At home with the Gorbachevs, while the world changes

Married for 40 years, Isla Blair and Julian Glover are a perfect choice to play the Russian couple who were intellectual equals and soul mates, writes Bridget Galton IN AUGUST 1991, Raisa and Mikhail Gorbachev s Crimean holiday home was besieged by heavi

Married for 40 years, Isla Blair and Julian Glover are a perfect choice to play the Russian couple who were intellectual equals and soul mates, writes Bridget Galton

IN AUGUST 1991, Raisa and Mikhail Gorbachev's Crimean holiday home was besieged by heavily armed secret police for three days while a Politburo delegation tried to force him to resign.

As the outside world was fed false news reports of the Soviet President's brain haemorrhage, there was a real possibility the Gorbachevs would become the victims of a bloody political coup.

Based on Raisa's diaries, playwright Penny Gold has spun a tense political thriller from the three-day stand-off that ended with the Gorbachevs' return to Moscow - but the collapse of the USSR.

Husband and wife Isla Blair and Julian Glover, whose own 40-year marriage is almost as long-lived as the Gorbachevs', portray the Russian couple in The President's Holiday at Hampstead Theatre.

Blair, who says she doesn't work with her husband very often "because people would get bored of it", adds: "On something like this, it can be an advantage being husband and wife".

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"After 40 years of marriage, there are things you don't have to say to each other. You can pick up each other's sign language and know what the other is thinking - just like these characters."

Blair has tried to get a feel for the Gorbachevs' close marriage but says there is remarkably little footage of the former Soviet first lady, who died from leukaemia in 1999.

"Raisa was a strong, clever woman. She and Mikhail were intellectual equals, soul mates. I don't think he ever got over her death.

"She was a fantastically supportive wife. What he needed, she would supply. He would talk most things over with her but she also knew when to keep quiet.

"She was a positive, optimistic person with great belief in her husband and what he was trying to do - to allow more devolved power to the satellite states and personal freedom for Russians while not breaking up the USSR."

But Blair is wary of doing too much research on her subject.

"You can't do an impression of her - I don't look like her anyway - so you have to try to give an impression of her qualities.

"Julian doesn't look anything like Gorbachev either. But there is a quality to him that is similarly childlike and trusting.

"He is a tremendously passionate person who really cares about things.

"There's a sort of innocence that always believes the best of people and can't believe people would do the dirty on him.

"Gorbachev had that too. He trusted people too much. When Raisa asks should he trust Yeltsin. He says 'yes'. He was completely shocked when he turned out to be wrong."

Gold makes the most of the tension inside the Dacha as the idealistic Gorbachev bravely resists negotiating with the Moscow delegation until telephone lines are restored and a helicopter ordered to return him to the Soviet capital.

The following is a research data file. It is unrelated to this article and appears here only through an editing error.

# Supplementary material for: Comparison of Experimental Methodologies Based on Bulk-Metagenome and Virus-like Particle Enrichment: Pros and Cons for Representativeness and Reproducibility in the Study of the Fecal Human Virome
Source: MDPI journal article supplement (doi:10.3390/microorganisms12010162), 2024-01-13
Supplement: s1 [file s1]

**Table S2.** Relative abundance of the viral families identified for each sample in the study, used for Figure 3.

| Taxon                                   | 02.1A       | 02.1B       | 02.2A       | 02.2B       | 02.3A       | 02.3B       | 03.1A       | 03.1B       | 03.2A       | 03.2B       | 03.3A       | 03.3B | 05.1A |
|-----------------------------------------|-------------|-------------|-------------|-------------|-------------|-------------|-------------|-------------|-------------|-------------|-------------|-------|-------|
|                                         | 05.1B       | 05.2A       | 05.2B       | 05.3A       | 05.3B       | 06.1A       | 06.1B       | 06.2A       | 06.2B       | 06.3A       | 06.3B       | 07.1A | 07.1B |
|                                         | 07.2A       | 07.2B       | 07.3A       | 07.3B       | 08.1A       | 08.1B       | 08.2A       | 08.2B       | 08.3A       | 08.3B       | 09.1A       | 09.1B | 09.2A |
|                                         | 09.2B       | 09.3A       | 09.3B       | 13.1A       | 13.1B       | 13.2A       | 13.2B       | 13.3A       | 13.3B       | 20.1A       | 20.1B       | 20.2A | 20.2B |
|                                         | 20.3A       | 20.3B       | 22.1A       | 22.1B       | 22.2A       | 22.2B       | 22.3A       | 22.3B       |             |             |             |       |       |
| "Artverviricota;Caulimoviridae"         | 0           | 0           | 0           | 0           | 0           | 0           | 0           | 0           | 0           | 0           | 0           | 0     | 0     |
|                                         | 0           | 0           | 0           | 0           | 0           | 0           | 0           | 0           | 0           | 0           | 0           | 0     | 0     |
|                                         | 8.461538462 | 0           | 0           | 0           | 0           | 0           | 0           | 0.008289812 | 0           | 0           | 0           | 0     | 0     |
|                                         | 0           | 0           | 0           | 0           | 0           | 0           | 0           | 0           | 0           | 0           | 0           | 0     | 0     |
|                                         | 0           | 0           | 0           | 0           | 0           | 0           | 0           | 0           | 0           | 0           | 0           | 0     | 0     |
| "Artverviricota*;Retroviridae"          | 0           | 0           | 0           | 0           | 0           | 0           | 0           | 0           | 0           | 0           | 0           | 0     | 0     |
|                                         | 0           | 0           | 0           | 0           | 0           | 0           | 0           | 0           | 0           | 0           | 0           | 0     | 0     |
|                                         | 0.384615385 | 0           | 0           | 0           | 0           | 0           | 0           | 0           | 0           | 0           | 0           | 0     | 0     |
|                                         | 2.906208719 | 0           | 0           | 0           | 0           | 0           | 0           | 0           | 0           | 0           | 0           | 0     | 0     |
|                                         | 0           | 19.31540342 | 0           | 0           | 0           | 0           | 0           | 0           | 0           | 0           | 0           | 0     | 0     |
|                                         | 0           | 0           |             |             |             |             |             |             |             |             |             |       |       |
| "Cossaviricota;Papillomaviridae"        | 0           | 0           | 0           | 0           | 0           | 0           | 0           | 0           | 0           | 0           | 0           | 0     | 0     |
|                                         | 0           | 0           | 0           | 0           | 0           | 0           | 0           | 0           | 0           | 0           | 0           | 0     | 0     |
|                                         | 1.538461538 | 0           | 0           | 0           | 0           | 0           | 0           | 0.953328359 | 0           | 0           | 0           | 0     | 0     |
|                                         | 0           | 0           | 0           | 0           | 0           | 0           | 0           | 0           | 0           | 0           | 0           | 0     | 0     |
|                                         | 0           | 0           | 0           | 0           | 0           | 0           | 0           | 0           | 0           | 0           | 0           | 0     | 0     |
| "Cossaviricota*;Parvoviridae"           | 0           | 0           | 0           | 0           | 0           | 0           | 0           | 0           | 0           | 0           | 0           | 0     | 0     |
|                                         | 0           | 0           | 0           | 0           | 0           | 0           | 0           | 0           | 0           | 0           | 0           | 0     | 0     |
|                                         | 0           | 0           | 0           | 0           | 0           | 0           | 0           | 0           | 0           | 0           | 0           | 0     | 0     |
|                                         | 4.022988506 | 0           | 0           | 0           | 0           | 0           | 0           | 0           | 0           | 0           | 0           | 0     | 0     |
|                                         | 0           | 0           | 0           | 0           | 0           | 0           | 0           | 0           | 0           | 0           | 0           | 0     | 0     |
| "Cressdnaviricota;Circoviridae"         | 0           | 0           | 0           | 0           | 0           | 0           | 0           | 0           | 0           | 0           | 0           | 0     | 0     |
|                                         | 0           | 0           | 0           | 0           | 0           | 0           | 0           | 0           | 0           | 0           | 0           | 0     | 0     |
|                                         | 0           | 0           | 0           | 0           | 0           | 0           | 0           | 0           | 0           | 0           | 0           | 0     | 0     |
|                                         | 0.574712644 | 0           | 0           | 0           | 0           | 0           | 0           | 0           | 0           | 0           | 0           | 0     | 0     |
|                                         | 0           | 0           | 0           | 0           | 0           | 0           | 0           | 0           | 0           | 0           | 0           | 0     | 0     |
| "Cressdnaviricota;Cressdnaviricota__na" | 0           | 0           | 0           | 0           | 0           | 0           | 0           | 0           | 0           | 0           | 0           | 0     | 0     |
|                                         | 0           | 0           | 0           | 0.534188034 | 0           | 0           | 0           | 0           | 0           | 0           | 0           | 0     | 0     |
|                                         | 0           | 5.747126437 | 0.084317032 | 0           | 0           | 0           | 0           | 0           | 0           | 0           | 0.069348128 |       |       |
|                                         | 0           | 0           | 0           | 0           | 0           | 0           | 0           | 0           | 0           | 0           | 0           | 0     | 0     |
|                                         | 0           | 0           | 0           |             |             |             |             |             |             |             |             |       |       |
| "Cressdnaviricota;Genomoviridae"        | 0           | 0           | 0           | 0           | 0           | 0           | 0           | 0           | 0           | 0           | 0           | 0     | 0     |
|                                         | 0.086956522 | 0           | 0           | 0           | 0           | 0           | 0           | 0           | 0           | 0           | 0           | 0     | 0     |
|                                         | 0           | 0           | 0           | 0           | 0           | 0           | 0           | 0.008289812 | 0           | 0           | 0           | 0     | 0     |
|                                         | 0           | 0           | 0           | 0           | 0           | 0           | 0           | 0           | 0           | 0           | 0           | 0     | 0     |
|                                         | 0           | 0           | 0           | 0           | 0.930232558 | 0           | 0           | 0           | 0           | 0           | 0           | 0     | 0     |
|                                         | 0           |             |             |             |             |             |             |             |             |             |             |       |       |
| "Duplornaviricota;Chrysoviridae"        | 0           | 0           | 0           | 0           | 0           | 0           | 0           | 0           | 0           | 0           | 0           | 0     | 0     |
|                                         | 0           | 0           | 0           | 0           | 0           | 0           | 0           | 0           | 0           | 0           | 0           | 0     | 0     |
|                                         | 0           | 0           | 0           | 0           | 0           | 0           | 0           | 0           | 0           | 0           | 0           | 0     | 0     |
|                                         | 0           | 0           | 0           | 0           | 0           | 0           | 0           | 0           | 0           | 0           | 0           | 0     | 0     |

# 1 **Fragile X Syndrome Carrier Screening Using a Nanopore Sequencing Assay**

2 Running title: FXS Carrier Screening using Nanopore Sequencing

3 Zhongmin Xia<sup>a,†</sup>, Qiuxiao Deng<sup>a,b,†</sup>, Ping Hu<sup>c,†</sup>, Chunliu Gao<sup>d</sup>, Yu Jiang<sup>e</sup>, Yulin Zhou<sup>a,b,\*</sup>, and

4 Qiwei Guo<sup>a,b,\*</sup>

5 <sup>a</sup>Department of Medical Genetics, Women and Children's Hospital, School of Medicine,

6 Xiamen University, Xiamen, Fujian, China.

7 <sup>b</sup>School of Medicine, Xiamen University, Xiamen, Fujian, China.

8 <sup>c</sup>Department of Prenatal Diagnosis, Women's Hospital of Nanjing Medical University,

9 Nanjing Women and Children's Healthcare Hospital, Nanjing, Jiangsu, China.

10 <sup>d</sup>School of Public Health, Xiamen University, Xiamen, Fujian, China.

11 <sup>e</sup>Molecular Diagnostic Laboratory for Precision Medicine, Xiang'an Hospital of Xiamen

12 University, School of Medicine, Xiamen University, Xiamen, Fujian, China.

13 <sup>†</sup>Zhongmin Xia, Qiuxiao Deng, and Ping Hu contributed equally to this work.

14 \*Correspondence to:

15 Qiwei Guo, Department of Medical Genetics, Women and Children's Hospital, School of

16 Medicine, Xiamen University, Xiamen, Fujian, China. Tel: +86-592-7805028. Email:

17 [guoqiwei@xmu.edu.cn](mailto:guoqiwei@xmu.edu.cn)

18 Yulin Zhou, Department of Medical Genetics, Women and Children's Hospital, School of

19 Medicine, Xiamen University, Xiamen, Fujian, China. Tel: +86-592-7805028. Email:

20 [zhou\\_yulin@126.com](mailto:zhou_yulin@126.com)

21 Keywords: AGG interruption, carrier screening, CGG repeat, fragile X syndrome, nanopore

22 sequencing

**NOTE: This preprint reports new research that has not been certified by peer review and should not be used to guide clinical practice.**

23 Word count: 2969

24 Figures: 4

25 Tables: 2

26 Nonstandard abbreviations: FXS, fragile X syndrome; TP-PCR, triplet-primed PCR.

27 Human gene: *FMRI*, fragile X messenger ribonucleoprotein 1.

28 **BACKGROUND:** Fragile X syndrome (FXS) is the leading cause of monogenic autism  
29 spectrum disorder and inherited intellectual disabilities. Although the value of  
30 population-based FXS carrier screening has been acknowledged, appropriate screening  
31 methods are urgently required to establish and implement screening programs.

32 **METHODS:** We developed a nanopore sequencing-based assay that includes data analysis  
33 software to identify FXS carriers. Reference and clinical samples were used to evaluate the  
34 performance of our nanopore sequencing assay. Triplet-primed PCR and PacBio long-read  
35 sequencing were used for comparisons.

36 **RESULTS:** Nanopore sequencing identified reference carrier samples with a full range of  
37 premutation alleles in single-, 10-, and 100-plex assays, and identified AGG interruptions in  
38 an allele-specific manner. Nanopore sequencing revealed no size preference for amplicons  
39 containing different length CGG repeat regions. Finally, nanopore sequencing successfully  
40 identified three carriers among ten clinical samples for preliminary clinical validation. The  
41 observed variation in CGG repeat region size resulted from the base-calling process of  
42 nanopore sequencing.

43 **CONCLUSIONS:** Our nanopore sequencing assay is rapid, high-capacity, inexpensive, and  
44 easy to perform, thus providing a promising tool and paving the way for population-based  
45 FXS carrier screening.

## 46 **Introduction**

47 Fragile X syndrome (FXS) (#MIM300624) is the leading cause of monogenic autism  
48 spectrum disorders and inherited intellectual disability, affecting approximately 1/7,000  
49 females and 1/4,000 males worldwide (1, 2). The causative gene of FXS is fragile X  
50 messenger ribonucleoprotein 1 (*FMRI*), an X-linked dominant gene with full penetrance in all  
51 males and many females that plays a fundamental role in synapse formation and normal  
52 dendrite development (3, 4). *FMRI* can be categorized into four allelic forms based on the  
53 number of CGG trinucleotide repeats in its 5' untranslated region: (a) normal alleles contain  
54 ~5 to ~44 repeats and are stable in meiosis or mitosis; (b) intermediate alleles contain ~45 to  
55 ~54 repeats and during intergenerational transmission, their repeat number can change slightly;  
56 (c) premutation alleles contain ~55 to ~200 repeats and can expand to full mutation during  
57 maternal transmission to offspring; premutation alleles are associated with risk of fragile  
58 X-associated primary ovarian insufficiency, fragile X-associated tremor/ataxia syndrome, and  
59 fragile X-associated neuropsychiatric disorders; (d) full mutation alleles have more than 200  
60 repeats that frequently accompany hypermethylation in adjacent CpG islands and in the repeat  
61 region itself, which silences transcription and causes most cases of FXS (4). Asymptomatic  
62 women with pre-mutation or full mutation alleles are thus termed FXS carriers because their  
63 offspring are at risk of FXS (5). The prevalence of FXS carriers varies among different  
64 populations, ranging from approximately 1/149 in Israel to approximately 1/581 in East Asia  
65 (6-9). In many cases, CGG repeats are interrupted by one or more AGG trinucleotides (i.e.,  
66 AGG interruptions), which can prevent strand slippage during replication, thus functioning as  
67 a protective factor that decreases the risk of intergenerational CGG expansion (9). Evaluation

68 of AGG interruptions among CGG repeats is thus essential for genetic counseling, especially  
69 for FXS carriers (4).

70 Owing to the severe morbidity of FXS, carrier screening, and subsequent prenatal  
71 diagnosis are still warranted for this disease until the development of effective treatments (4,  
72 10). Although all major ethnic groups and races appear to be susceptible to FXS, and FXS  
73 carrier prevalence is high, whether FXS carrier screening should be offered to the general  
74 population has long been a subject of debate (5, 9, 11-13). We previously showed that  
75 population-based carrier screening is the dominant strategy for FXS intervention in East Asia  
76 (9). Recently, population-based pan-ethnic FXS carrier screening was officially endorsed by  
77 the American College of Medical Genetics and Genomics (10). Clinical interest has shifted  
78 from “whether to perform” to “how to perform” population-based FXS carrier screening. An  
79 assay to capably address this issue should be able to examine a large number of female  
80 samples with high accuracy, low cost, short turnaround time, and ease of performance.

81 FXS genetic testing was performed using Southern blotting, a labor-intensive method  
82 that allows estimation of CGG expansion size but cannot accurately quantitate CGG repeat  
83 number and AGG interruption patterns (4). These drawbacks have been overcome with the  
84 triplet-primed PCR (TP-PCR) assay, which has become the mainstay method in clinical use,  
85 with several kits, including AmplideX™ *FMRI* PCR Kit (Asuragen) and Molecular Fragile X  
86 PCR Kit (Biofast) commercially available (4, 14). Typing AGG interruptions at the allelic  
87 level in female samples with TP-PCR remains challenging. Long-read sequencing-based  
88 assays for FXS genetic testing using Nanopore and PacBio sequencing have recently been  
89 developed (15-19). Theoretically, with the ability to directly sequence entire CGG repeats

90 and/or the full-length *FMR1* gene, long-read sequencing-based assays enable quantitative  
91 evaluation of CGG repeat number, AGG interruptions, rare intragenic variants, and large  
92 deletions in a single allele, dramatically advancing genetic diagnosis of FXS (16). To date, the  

She includes echoes of Tsar Nicholas and his family, who were famously massacred by Bolsheviks while under house arrest in rural Yekaterinburg.

"It must have been terrifying being cut off from the outside world in the middle of nowhere with their daughter and grandchildren and the very strong possibility they would all die," says Blair.

"They wouldn't eat anything brought into the house from the Moscow delegation in case it was poisoned and what saved them emotionally was discovering an old radio under the bed that they tuned into the World Service.

"The delegation wanted him to sign a paper withdrawing the treaty granting Soviet states some independence while remaining in the federation.

"But the Gorbachevs would never have compromised their beliefs."

"The play is a piece of history and also a thriller. Within the month, Boris Yeltsin had managed to break up the whole of the Soviet Union."

The daughter of a tea planter, Blair was born in India and recalls being transfixed by a production of Kiss Me Kate at the Theatre Royal Drury Lane at a tender age. "I am going to do that," she told her parents.

She attended RADA at the age of 16 and, by 18, found herself starring in her West End debut after the leading lady in A Funny Thing Happened On The Way To The Forum fell out with the director.

She met Glover, whose films include Indian Jones And The Last Crusade, The Empire Strikes Back and For Your Eyes Only, while appearing in a play about Johnson, Boswell and Fanny Burney. The couple have an actor/director son Jamie Glover.

"There is real mutual support between the three of us for each other's talent and we are basically there to support each other," Blair adds.

"Julian is better known than me. But we both play leading parts and are hard-working jobbing actors."

Although she has appeared in many screen roles, it is the theatre that is her first love. Her recent work includes The History Boys and David Hare's Iraq War verbatim play Stuff Happens at the National Theatre.

"The risk of working on a new play is that you don't know the bits which work and you can get nervous about whether it will come off.

"With Stuff Happens, when I saw the 22 chairs in the rehearsal room and started working through it, I thought: 'This is going to be boring as anything.' But it was a sell-out and a fascinating play."

The President's Holiday runs at Hampstead Theatre until February 16.